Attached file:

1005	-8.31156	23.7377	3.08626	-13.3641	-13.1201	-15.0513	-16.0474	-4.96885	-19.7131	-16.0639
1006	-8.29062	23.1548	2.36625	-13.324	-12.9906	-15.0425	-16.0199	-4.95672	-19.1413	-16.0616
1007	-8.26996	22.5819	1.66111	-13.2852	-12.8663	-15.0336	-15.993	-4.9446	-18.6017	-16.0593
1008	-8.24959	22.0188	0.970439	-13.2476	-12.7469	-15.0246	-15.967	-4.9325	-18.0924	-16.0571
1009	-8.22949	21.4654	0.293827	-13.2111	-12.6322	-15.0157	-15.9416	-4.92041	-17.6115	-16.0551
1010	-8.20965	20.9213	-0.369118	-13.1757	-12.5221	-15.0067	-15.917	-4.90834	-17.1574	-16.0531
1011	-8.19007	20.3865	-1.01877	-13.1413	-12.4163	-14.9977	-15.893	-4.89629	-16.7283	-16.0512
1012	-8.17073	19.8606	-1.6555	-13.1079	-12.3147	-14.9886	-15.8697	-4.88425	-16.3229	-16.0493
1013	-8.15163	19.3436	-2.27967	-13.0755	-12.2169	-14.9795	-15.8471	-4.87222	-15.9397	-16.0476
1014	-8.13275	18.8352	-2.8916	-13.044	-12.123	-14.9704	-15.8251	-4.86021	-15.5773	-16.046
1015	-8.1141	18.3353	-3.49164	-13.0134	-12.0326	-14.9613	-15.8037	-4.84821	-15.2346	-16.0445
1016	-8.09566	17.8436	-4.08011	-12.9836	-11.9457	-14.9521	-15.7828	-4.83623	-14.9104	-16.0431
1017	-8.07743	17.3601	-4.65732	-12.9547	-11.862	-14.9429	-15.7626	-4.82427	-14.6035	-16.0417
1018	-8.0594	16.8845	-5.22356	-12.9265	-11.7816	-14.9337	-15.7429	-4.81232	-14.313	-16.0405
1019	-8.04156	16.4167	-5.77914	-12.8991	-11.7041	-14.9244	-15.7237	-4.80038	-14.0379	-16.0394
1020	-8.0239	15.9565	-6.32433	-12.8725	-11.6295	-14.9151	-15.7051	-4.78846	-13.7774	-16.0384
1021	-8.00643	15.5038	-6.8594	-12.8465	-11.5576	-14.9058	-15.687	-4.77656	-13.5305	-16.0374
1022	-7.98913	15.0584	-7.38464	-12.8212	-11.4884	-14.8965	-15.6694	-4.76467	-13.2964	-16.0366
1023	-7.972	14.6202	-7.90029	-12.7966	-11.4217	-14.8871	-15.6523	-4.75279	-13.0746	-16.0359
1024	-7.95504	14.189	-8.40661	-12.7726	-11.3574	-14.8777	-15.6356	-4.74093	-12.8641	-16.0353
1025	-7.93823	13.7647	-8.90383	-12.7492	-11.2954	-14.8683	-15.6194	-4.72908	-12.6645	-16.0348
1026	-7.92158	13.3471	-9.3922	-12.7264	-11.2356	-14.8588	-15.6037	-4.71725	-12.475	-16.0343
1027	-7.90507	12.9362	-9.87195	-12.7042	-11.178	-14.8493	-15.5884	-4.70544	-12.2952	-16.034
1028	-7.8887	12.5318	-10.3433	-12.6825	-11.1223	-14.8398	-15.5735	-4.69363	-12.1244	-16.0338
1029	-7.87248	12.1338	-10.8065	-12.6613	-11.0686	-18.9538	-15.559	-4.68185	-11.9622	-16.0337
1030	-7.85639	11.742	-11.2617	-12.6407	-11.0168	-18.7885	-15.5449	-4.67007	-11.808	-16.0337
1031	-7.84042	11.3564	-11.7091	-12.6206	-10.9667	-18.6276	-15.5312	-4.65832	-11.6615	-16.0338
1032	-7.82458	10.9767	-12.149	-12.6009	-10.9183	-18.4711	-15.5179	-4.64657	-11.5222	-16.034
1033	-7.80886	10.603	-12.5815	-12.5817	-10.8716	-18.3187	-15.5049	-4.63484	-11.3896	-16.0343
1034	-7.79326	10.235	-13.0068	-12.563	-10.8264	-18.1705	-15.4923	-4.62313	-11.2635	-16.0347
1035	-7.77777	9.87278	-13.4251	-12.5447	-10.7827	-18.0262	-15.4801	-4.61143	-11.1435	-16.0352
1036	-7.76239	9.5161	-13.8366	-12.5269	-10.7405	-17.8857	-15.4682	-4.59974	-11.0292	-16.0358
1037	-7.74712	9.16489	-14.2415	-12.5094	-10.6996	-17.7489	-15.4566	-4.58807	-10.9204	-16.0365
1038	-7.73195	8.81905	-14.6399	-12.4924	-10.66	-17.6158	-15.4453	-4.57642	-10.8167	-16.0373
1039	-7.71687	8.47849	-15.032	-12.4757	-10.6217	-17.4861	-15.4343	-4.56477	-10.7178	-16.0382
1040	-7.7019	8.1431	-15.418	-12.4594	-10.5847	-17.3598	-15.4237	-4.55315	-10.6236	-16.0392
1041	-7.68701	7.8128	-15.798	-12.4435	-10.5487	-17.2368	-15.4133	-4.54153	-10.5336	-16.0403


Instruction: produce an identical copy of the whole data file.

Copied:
1005	-8.31156	23.7377	3.08626	-13.3641	-13.1201	-15.0513	-16.0474	-4.96885	-19.7131	-16.0639
1006	-8.29062	23.1548	2.36625	-13.324	-12.9906	-15.0425	-16.0199	-4.95672	-19.1413	-16.0616
1007	-8.26996	22.5819	1.66111	-13.2852	-12.8663	-15.0336	-15.993	-4.9446	-18.6017	-16.0593
1008	-8.24959	22.0188	0.970439	-13.2476	-12.7469	-15.0246	-15.967	-4.9325	-18.0924	-16.0571
1009	-8.22949	21.4654	0.293827	-13.2111	-12.6322	-15.0157	-15.9416	-4.92041	-17.6115	-16.0551
1010	-8.20965	20.9213	-0.369118	-13.1757	-12.5221	-15.0067	-15.917	-4.90834	-17.1574	-16.0531
1011	-8.19007	20.3865	-1.01877	-13.1413	-12.4163	-14.9977	-15.893	-4.89629	-16.7283	-16.0512
1012	-8.17073	19.8606	-1.6555	-13.1079	-12.3147	-14.9886	-15.8697	-4.88425	-16.3229	-16.0493
1013	-8.15163	19.3436	-2.27967	-13.0755	-12.2169	-14.9795	-15.8471	-4.87222	-15.9397	-16.0476
1014	-8.13275	18.8352	-2.8916	-13.044	-12.123	-14.9704	-15.8251	-4.86021	-15.5773	-16.046
1015	-8.1141	18.3353	-3.49164	-13.0134	-12.0326	-14.9613	-15.8037	-4.84821	-15.2346	-16.0445
1016	-8.09566	17.8436	-4.08011	-12.9836	-11.9457	-14.9521	-15.7828	-4.83623	-14.9104	-16.0431
1017	-8.07743	17.3601	-4.65732	-12.9547	-11.862	-14.9429	-15.7626	-4.82427	-14.6035	-16.0417
1018	-8.0594	16.8845	-5.22356	-12.9265	-11.7816	-14.9337	-15.7429	-4.81232	-14.313	-16.0405
1019	-8.04156	16.4167	-5.77914	-12.8991	-11.7041	-14.9244	-15.7237	-4.80038	-14.0379	-16.0394
1020	-8.0239	15.9565	-6.32433	-12.8725	-11.6295	-14.9151	-15.7051	-4.78846	-13.7774	-16.0384
1021	-8.00643	15.5038	-6.8594	-12.8465	-11.5576	-14.9058	-15.687	-4.77656	-13.5305	-16.0374
1022	-7.98913	15.0584	-7.38464	-12.8212	-11.4884	-14.8965	-15.6694	-4.76467	-13.2964	-16.0366
1023	-7.972	14.6202	-7.90029	-12.7966	-11.4217	-14.8871	-15.6523	-4.75279	-13.0746	-16.0359
1024	-7.95504	14.189	-8.40661	-12.7726	-11.3574	-14.8777	-15.6356	-4.74093	-12.8641	-16.0353
1025	-7.93823	13.7647	-8.90383	-12.7492	-11.2954	-14.8683	-15.6194	-4.72908	-12.6645	-16.0348
1026	-7.92158	13.3471	-9.3922	-12.7264	-11.2356	-14.8588	-15.6037	-4.71725	-12.475	-16.0343
1027	-7.90507	12.9362	-9.87195	-12.7042	-11.178	-14.8493	-15.5884	-4.70544	-12.2952	-16.034
1028	-7.8887	12.5318	-10.3433	-12.6825	-11.1223	-14.8398	-15.5735	-4.69363	-12.1244	-16.0338
1029	-7.87248	12.1338	-10.8065	-12.6613	-11.0686	-18.9538	-15.559	-4.68185	-11.9622	-16.0337
1030	-7.85639	11.742	-11.2617	-12.6407	-11.0168	-18.7885	-15.5449	-4.67007	-11.808	-16.0337
1031	-7.84042	11.3564	-11.7091	-12.6206	-10.9667	-18.6276	-15.5312	-4.65832	-11.6615	-16.0338
1032	-7.82458	10.9767	-12.149	-12.6009	-10.9183	-18.4711	-15.5179	-4.64657	-11.5222	-16.034
1033	-7.80886	10.603	-12.5815	-12.5817	-10.8716	-18.3187	-15.5049	-4.63484	-11.3896	-16.0343
1034	-7.79326	10.235	-13.0068	-12.563	-10.8264	-18.1705	-15.4923	-4.62313	-11.2635	-16.0347
1035	-7.77777	9.87278	-13.4251	-12.5447	-10.7827	-18.0262	-15.4801	-4.61143	-11.1435	-16.0352
1036	-7.76239	9.5161	-13.8366	-12.5269	-10.7405	-17.8857	-15.4682	-4.59974	-11.0292	-16.0358
1037	-7.74712	9.16489	-14.2415	-12.5094	-10.6996	-17.7489	-15.4566	-4.58807	-10.9204	-16.0365
1038	-7.73195	8.81905	-14.6399	-12.4924	-10.66	-17.6158	-15.4453	-4.57642	-10.8167	-16.0373
1039	-7.71687	8.47849	-15.032	-12.4757	-10.6217	-17.4861	-15.4343	-4.56477	-10.7178	-16.0382
1040	-7.7019	8.1431	-15.418	-12.4594	-10.5847	-17.3598	-15.4237	-4.55315	-10.6236	-16.0392
1041	-7.68701	7.8128	-15.798	-12.4435	-10.5487	-17.2368	-15.4133	-4.54153	-10.5336	-16.0403